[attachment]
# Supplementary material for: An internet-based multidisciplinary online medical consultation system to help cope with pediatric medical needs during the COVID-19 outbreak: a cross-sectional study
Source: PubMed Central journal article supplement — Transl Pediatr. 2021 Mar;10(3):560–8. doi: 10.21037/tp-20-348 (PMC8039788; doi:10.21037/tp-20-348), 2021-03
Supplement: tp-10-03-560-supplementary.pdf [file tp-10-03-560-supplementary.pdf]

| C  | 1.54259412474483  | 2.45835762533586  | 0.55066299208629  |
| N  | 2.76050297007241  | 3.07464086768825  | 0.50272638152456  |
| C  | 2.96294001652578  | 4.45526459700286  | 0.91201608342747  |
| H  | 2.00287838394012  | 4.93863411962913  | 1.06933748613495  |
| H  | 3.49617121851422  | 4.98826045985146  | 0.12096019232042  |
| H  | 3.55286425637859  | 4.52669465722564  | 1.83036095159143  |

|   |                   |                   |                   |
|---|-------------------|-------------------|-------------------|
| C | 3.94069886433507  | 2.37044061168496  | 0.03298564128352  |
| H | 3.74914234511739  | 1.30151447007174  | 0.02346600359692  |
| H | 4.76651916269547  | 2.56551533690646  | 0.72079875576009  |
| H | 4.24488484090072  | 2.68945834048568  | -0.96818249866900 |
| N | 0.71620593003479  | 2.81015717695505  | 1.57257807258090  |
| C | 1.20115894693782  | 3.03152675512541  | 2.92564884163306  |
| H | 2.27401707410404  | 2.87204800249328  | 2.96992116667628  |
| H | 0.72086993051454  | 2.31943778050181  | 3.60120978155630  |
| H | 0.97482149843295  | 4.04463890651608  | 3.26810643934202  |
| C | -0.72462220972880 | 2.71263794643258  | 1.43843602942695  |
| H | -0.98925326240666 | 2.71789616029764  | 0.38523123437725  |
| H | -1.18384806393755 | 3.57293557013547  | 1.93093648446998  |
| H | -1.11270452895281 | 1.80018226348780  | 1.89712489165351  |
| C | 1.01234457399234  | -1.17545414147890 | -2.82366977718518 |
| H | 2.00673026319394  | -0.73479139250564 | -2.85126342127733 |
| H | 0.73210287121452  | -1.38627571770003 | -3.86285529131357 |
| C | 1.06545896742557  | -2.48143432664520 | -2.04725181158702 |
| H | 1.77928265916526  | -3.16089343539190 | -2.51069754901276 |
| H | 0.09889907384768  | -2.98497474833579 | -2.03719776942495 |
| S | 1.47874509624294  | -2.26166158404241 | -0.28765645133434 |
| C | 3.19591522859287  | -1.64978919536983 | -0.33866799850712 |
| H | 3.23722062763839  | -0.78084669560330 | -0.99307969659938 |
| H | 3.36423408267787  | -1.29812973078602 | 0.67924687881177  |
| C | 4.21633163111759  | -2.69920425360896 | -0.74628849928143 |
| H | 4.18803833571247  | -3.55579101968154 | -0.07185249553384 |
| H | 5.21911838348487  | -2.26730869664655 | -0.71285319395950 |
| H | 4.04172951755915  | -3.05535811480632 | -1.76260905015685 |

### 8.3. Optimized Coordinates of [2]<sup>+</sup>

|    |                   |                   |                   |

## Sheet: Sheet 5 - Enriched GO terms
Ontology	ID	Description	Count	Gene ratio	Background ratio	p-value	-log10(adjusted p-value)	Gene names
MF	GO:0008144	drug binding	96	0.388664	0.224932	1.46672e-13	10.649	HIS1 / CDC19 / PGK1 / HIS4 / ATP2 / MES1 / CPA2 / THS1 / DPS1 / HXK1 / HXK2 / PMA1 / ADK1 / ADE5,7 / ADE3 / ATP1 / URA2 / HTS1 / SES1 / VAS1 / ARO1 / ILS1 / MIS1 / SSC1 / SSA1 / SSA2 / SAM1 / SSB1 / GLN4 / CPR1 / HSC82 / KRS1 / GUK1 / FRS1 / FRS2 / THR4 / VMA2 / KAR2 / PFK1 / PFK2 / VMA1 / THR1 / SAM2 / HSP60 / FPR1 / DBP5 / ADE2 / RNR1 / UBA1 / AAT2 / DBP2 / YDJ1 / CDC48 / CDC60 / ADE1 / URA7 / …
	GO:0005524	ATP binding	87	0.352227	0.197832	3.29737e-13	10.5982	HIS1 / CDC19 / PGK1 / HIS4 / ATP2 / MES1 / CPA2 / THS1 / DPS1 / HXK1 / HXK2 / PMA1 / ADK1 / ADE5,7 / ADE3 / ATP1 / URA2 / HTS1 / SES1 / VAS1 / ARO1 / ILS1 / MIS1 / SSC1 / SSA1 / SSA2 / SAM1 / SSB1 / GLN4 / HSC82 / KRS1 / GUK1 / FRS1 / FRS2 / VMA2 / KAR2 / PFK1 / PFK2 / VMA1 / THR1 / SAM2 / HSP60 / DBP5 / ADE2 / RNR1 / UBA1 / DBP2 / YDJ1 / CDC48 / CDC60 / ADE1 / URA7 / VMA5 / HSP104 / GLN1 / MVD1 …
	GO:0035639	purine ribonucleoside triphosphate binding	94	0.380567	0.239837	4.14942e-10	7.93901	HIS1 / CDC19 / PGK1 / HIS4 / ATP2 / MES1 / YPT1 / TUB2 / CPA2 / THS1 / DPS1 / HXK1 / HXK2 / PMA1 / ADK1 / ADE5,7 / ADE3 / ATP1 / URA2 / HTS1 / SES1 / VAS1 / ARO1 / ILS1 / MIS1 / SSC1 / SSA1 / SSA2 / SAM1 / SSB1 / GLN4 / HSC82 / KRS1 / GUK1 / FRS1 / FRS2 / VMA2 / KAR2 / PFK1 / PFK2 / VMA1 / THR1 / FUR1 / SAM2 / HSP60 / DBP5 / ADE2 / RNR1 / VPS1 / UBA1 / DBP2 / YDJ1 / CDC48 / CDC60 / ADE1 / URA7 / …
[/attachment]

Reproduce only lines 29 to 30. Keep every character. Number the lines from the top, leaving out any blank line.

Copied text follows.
| H | 1.77928265916526  | -3.16089343539190 | -2.51069754901276 |
| H | 0.09889907384768  | -2.98497474833579 | -2.03719776942495 |